Minimizing wireless latency is critical for Wii U, as the console's GamePad tablet controller needs to display gameplay that matches what's on TV screens, without any noticeable delay.
"[We] had to take on a challenge that no one else had before," said Nintendo head Satoru Iwata in a roundtable discussion
with the company's R&D team. "With the usual wireless video transfer methods, even if a slight latency occurred, it was okay as long as it didn't get stuck along the way.
"So with ordinary video playback, [when the flow of data is interrupting smooth playback,] the system buffers a certain amount of data before it plays... With the Wii U GamePad, however, Mario has to jump as soon as you press the button. So if there's latency, it's fatal for the game."
Nintendo's Product Development Department employed a variety of tricks to reduce latency. For example, traditionally when sending video wirelessly, a single-frame of image data is compressed, sent and decompressed at the receiving end, then displayed on a screen.
"We thought of a way to take one image and break it down into pieces of smaller images," said the team's Kuniaki Ito. "We thought that maybe we could reduce the amount of delay in sending one screen if we dealt in those smaller images from output from the Wii U console GPU on through compression, wireless transfer, and display on the LCD monitor."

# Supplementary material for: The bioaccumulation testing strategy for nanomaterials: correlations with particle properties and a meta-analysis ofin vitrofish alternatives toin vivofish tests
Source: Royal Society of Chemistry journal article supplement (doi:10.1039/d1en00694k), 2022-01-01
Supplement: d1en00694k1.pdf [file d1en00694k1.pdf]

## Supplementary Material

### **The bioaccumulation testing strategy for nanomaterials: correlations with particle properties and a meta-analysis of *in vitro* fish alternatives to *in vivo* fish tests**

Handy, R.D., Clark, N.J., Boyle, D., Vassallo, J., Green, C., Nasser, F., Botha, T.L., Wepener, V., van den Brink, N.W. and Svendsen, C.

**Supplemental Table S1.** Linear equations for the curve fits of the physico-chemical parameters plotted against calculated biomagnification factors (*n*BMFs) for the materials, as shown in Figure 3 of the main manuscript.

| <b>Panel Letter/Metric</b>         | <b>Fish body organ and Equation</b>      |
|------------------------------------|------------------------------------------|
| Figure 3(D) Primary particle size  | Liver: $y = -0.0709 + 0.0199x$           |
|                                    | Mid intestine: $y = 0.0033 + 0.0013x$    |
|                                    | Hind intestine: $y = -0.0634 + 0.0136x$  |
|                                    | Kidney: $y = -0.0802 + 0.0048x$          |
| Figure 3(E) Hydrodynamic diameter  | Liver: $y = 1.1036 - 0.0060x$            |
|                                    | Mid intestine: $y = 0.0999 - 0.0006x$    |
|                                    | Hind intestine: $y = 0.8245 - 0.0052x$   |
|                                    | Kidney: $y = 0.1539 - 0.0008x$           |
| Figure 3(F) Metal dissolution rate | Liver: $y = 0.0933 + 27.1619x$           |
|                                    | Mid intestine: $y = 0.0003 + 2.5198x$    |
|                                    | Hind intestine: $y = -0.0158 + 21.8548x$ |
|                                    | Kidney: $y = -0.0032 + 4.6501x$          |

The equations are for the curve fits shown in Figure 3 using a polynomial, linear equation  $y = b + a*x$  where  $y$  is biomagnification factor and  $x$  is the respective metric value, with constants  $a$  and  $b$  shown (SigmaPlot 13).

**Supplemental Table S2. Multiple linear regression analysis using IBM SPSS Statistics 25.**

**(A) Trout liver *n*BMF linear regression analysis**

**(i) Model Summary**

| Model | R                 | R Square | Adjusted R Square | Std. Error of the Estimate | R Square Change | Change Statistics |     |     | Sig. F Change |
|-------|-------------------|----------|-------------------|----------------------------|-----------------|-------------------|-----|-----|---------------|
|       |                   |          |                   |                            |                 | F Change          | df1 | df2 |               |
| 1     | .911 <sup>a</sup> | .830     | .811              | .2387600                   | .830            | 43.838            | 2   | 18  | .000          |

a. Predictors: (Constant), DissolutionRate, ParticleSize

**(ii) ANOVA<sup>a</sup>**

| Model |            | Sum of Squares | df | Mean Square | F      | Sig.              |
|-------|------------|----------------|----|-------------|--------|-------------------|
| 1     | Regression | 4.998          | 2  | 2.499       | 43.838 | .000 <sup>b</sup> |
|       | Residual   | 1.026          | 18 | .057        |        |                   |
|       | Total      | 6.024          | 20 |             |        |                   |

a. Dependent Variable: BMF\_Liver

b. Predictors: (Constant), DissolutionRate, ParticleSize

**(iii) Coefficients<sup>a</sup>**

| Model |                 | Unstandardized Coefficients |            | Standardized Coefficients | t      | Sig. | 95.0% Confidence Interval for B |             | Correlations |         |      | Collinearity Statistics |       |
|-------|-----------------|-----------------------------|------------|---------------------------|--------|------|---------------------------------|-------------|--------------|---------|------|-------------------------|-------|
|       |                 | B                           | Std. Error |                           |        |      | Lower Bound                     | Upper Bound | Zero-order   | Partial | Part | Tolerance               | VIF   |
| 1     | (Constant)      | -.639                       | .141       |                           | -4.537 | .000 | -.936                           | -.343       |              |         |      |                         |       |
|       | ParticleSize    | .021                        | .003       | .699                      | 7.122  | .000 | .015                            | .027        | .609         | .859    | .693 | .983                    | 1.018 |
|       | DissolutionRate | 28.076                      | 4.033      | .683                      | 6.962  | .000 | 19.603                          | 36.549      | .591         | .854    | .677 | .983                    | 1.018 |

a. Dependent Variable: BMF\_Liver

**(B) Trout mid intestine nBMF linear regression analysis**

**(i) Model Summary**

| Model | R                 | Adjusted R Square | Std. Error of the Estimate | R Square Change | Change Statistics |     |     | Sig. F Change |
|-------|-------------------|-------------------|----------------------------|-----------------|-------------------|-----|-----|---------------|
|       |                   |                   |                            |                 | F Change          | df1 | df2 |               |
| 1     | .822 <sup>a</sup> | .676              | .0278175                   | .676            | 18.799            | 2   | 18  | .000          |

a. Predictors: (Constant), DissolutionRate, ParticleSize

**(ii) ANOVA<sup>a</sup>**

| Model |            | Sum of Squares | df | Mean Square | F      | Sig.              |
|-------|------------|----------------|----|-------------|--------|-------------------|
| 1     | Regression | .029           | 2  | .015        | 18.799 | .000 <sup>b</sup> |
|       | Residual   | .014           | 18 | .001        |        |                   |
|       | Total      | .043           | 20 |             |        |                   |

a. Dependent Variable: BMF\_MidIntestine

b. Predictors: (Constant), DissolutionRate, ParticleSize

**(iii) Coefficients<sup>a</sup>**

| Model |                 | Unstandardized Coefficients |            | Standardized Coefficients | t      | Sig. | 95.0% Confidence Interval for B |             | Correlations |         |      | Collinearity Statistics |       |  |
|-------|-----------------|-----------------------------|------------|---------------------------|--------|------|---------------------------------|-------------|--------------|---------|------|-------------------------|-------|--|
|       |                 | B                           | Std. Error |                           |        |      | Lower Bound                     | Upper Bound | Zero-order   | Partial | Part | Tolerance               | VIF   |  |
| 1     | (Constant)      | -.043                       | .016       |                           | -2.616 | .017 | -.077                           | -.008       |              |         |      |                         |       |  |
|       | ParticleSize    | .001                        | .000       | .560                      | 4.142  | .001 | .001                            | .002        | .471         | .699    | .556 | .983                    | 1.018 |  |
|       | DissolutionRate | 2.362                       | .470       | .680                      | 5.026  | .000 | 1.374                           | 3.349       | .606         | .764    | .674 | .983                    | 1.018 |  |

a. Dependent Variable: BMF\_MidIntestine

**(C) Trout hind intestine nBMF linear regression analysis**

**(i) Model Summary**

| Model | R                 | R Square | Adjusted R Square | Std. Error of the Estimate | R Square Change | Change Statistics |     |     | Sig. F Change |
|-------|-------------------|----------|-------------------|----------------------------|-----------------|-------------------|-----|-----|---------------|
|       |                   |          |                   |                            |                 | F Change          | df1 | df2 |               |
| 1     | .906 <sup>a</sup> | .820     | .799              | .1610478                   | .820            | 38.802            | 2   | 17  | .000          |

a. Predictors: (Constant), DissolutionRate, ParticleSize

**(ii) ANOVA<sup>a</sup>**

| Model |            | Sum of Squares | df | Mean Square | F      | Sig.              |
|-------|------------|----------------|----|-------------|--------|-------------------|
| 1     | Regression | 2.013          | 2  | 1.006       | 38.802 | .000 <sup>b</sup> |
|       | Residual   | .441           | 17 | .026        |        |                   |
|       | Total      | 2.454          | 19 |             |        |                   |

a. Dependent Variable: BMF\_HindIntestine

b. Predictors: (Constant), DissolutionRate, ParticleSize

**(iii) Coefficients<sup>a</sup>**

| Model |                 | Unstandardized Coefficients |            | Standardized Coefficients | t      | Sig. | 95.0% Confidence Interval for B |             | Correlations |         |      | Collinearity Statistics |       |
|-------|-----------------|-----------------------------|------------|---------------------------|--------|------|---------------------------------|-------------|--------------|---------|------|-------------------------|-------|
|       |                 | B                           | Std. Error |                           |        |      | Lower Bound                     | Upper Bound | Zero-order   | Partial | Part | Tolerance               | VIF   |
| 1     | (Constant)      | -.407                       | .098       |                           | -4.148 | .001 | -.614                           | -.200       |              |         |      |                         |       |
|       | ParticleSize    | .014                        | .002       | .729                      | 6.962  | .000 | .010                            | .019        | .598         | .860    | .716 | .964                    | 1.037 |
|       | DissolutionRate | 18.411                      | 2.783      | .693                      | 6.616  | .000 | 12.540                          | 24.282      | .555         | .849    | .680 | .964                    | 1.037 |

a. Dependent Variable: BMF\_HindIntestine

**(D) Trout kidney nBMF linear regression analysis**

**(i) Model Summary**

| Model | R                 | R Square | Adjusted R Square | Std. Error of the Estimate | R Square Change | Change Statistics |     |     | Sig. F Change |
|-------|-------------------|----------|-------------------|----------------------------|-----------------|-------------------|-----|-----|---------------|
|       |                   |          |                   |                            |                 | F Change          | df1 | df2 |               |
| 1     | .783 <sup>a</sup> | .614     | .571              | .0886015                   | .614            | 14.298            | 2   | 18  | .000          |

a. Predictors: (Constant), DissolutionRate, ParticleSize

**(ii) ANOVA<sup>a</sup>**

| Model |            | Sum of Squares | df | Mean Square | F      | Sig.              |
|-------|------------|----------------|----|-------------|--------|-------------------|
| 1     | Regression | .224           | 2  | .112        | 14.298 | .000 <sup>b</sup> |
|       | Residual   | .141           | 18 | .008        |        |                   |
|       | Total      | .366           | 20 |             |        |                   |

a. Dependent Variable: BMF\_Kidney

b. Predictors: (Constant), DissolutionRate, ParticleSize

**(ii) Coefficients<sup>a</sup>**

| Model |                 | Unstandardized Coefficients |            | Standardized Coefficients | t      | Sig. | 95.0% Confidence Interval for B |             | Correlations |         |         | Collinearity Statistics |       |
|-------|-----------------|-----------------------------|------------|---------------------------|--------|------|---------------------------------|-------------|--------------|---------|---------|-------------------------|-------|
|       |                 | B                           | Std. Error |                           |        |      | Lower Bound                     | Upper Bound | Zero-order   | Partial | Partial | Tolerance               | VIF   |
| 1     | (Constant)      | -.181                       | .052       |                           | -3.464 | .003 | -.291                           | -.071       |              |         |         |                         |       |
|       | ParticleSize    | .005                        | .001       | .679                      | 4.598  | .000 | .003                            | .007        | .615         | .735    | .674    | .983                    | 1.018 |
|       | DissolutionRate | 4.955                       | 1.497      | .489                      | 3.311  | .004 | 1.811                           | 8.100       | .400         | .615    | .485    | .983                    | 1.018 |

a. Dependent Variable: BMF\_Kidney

He adds, "Generally, compression for a single screen can be done per a 16x16 macroblock. And on Wii U, it rapidly compresses the data, and the moment the data has built up to a packet-size that can be sent, it sends it to the Wii U GamePad."
This solution worked out particularly well for the team because it solved multiple problems -- it not only minimizes latency by reducing the amount of data that needs to be buffered before sending out the data, this method requires less memory and less power consumption than traditional techniques.
The team notes that it was able to reduce latency with this technique and other tricks to the point where images can be transmitted and displayed on the GamePad faster than some TVs connected to a Wii U with a cable, because many newer TVs have latency due to their video processing components.
Michel Ancel, who is leading development on Rayman Legends
for Wii U, recently praised the system's GamePad in an interview with Nintendo Power: "The response time is crazy, in fact, and I think the competitors will need some time to [get their controls] this responsive.
"It's crazy because the game is running in full HD [on the television], we are streaming another picture on the GamePad screen, and it's still 60 frames per second. The latency on the controller is just 1/60 of a second. ... It's almost instant. That’s why it responds so well. So it can be used as a real game-design thing."